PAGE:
george1345
Registered User
Join date: Dec 2006
26 IQ
#1
I find it very easy to alternate pick relatively fast on pretty much E-G strings but B and E I find much more error-prone and inconsistent.

I can't see that the string texture has a tonne to do with this, perhaps it's just a technique problem? I just read that it could be to do with resting the picking hand on strings which becomes problematic at higher strings.

Any suggestions on what the problem might be are much obliged.
cdgraves
Registered User
Join date: Jan 2013
10 IQ
#2
Well, any physical difficulty is a technique problem. Most likely your hand is stiff and you should aim to loosen your grip so it's firm, but lets the pick move naturally against the strings. Over-exerting your picking hand might not make as big a difference on the lower strings, but it will cause slop on the higher ones.

And yes, you should practice alt picking without muting - they are separate techniques. The more freely your hand can float the more relaxed and accurately you'll play.
Geldin
Registered User
Join date: Sep 2008
150 IQ
#3
Actually, it is a bit harder to pick on the higher strings. There's more tension on the higher strings relative to their mass and surface area, so it take more effect to pick each string.

I can tell you from experience that resting your hand on the strings is not a bad thing - it gives you better muting on the lower strings and it gives you somewhere to rest your hand so that your wrist can relax a little more easily. There's no limit on your speed, either. I rest my hand on the strings and can hit 13-14 notes per second if I've warmed up properly.
dimesqeals
always a newbie
Join date: Mar 2013
10 IQ
#4
Haha! Here's my problem: I'm not comfortable with alternate picking on the low strings when standing. Not on all frets but just the 12th and up. But when sitting down, it seems that I get comfortable with all strings high or low and on all the frets.

I guess that has to do with how I hold the guitar or maybe the strap height?? Gigs are played standing up not sitting down. I adjust my guitar strap very low. Maybe that's the problem?

We play mostly Pantera LOG songs.
vayne92
UG's Fedora Enthusiast
Join date: Jan 2011
150 IQ
#5
Quote by dimesqeals
I guess that has to do with how I hold the guitar or maybe the strap height?? Gigs are played standing up not sitting down. I adjust my guitar strap very low. Maybe that's the problem?


You play with your strap very low. That 100% affects your playing ability.
Your guitar should be in the position it is when you're sitting with your strap. This is one debate i constantly get frustrated by. Most people play low because it "looks cool", fact is if you sound bad it's not cool either way. Not to mention it doesn't look cooler anyways. I've tried playing low and it's awful, i also found it restricts my movement. Every time i walked around my legs were kicking my guitar around and it pissed me off.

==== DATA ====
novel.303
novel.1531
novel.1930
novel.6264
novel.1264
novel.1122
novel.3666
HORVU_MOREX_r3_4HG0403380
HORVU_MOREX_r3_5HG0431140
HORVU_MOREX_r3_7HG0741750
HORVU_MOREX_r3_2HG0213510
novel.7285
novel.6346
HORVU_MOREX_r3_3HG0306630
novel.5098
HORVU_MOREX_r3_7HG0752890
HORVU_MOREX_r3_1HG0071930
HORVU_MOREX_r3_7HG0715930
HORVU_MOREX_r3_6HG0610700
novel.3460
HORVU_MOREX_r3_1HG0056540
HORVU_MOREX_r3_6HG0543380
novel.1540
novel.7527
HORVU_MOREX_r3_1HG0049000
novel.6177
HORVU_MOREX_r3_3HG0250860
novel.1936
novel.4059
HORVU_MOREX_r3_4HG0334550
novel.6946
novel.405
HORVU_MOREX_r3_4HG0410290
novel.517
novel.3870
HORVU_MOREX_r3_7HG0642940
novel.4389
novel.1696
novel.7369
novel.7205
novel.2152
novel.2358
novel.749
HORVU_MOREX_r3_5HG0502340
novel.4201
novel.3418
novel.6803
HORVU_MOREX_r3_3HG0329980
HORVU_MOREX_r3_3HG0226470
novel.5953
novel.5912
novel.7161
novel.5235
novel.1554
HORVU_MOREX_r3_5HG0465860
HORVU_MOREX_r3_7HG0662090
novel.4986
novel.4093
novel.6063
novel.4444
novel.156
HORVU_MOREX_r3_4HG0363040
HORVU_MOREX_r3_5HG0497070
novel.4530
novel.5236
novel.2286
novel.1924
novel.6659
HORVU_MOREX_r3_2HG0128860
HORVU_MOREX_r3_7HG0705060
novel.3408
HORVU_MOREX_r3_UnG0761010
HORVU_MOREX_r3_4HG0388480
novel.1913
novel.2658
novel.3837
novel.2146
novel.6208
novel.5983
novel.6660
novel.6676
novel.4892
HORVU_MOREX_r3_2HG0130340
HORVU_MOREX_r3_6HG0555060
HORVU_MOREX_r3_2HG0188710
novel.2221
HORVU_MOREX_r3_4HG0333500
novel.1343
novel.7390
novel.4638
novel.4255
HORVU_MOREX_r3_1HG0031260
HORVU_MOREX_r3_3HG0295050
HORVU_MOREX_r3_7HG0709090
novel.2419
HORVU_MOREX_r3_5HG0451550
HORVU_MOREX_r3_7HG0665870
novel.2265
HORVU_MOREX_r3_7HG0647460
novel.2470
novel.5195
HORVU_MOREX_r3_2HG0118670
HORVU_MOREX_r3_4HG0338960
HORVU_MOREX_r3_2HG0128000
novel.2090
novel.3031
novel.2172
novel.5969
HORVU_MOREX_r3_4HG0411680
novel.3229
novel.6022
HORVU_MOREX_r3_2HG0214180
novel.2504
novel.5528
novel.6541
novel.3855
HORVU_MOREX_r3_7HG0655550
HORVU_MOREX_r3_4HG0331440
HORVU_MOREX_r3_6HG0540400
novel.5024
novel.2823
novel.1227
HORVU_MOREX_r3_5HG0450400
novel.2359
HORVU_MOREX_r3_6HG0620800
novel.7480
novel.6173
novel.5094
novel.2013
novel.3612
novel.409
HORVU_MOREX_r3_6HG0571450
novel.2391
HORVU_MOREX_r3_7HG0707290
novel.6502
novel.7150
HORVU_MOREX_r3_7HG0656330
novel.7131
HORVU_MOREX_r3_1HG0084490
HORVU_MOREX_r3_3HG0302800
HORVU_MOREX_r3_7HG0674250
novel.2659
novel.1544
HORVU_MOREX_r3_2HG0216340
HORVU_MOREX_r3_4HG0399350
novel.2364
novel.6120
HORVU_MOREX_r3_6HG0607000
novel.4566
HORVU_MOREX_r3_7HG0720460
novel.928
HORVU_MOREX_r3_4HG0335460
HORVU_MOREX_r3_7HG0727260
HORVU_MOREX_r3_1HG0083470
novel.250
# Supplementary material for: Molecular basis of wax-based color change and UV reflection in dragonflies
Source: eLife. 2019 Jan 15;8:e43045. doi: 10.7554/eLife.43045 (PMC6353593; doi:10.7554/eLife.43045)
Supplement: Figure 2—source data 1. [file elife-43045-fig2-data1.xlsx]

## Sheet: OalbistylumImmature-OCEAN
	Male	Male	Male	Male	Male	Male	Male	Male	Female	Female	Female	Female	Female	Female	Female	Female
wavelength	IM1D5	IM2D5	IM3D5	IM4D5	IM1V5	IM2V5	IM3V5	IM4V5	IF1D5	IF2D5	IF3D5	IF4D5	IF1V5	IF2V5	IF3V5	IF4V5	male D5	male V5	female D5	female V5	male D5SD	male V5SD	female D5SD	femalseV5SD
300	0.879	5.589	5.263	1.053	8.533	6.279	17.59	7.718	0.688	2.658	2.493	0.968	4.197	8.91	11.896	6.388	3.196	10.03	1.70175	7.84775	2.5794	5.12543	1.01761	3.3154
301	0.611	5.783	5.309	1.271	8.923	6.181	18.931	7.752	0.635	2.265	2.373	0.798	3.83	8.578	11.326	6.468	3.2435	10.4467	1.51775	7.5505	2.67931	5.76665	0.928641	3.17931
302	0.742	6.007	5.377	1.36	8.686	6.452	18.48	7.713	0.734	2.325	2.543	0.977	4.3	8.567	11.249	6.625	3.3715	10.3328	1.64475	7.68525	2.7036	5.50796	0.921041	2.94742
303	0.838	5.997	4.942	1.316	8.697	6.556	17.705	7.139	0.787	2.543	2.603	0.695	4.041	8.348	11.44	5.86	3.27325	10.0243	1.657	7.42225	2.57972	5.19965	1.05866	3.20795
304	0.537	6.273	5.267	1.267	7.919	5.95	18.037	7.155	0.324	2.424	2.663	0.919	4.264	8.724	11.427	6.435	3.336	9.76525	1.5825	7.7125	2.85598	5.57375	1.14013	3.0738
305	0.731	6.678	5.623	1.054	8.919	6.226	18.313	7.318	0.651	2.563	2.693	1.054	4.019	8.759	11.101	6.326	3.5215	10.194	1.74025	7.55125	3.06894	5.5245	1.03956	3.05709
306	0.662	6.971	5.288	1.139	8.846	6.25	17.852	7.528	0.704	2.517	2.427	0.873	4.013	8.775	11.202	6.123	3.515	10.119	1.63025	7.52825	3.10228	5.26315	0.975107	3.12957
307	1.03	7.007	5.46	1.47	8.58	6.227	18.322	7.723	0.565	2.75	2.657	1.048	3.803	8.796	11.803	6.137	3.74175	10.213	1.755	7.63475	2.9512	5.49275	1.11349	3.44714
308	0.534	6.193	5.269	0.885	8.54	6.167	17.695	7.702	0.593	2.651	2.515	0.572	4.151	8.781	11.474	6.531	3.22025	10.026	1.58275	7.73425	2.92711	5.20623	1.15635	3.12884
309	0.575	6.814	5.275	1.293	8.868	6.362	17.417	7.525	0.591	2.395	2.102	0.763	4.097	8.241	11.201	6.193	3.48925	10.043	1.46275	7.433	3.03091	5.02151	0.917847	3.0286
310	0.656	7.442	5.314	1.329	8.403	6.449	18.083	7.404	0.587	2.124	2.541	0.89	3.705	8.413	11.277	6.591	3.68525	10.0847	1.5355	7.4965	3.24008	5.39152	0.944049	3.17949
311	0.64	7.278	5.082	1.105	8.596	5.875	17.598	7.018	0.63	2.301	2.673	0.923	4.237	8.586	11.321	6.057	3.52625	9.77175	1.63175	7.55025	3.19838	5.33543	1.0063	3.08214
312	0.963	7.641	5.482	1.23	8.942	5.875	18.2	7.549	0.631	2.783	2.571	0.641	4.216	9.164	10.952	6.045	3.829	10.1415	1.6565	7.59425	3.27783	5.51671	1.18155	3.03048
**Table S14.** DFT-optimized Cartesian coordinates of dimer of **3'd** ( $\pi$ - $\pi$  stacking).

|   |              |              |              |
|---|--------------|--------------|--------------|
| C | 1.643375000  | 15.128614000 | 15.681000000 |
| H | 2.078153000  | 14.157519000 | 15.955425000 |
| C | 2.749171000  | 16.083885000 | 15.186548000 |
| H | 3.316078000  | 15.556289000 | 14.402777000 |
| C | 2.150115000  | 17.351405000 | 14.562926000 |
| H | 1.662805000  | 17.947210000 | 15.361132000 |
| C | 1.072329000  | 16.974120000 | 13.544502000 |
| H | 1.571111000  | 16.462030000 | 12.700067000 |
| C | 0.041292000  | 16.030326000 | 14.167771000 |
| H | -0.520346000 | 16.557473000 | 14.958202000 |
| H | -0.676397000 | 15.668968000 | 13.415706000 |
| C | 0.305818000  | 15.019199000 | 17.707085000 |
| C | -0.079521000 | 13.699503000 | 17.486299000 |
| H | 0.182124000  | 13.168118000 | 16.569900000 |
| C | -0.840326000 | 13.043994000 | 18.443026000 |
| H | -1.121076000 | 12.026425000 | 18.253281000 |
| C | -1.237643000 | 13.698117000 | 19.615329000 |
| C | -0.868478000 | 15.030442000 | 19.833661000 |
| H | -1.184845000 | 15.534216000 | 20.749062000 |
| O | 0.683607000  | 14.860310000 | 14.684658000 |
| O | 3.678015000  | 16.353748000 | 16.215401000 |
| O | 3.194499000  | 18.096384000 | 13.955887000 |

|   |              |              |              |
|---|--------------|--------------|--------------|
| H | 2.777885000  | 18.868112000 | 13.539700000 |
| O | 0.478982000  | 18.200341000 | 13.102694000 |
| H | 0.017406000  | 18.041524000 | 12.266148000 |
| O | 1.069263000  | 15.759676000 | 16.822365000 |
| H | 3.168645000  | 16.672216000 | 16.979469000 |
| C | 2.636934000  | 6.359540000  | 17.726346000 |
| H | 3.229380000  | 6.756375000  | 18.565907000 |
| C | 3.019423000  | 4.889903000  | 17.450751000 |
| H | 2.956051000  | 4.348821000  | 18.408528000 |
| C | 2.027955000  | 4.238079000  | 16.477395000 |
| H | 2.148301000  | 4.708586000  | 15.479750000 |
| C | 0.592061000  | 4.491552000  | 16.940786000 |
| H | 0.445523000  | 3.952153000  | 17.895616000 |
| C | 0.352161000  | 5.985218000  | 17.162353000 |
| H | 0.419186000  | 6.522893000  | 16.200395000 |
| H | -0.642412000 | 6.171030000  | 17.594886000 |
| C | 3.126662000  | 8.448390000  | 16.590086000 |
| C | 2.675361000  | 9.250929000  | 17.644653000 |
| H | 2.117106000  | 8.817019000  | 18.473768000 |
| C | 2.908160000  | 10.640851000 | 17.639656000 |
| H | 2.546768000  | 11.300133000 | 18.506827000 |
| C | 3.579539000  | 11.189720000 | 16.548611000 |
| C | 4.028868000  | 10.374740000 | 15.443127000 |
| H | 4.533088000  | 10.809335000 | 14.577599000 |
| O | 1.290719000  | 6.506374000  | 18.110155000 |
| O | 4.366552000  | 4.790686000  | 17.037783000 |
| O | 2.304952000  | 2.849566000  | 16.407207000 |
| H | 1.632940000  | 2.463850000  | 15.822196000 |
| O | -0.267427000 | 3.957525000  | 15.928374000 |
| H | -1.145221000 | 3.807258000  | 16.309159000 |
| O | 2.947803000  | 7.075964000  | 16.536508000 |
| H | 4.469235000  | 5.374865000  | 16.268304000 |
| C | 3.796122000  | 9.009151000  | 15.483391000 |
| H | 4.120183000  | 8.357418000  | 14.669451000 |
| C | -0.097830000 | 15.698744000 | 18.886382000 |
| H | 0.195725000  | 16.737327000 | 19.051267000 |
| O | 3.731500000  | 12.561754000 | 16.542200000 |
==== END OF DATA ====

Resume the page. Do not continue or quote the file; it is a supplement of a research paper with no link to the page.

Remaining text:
Last edited by vayne92 at Mar 14, 2013,
Dreamdancer11
Registered User
Join date: Nov 2012
30 IQ
#6
Quote by george1345
I find it very easy to alternate pick relatively fast on pretty much E-G strings but B and E I find much more error-prone and inconsistent.

I can't see that the string texture has a tonne to do with this, perhaps it's just a technique problem? I just read that it could be to do with resting the picking hand on strings which becomes problematic at higher strings.

Any suggestions on what the problem might be are much obliged.


On the lower strings your pick hand meets the strings at a certain(small)angle.As you go towards the floor the angle gets bigger and your reach and aim suffers.You have to maintain the same angle throughout for your picking hand to be consistent and you can do that by simply dragging your picking hand just one or two clicks down so that it meets the strings at the same angle as it does the lower ones .
Last edited by Dreamdancer11 at Mar 14, 2013,
robertwilliam9
Registered User
Join date: May 2012
30 IQ
#7
Nice to know I'm not the only one who has this problem. I've always thought that the higher strings were more problematic when it comes to alternate picking. I can also vouch that bringing the guitar up a little higher (adjust the strap) can help with this problem.

Though I think the bigger strings just respond better to certain movements. It just takes time work past that and get the higher strings to get in line as well.
Paul Reed Smith CE-24 2005 and Santana SE with Seymour Duncan pickups.
Line 6 Amplifiers
Boss Effects and Steve Vai's Wah Pedal
Dunlop Picks and Elixir Strings .48


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dimesqeals
always a newbie
Join date: Mar 2013
10 IQ
#8
Quote by vayne92
You play with your strap very low. That 100% affects your playing ability.
Your guitar should be in the position it is when you're sitting with your strap. This is one debate i constantly get frustrated by. Most people play low because it "looks cool", fact is if you sound bad it's not cool either way. Not to mention it doesn't look cooler anyways. I've tried playing low and it's awful, i also found it restricts my movement. Every time i walked around my legs were kicking my guitar around and it pissed me off.



Oh I can still play even with strap adjusted very low. But uncomfortable, meaning my wrist aches after playing! hahaha. But there are times it hurts while I play. I tend to lean down to the left just to reach the low strings. Especially during solos. I needed the guitar low so that I won't hit the mic stand. I sometimes back the vocals. But you're right, I've managed to find the right position where I don't hit the mic stand and not get uncomfortable playing. Don't want to ruin my playing in the future with these wrist pains. Might get worse you know.
Last edited by dimesqeals at Mar 19, 2013,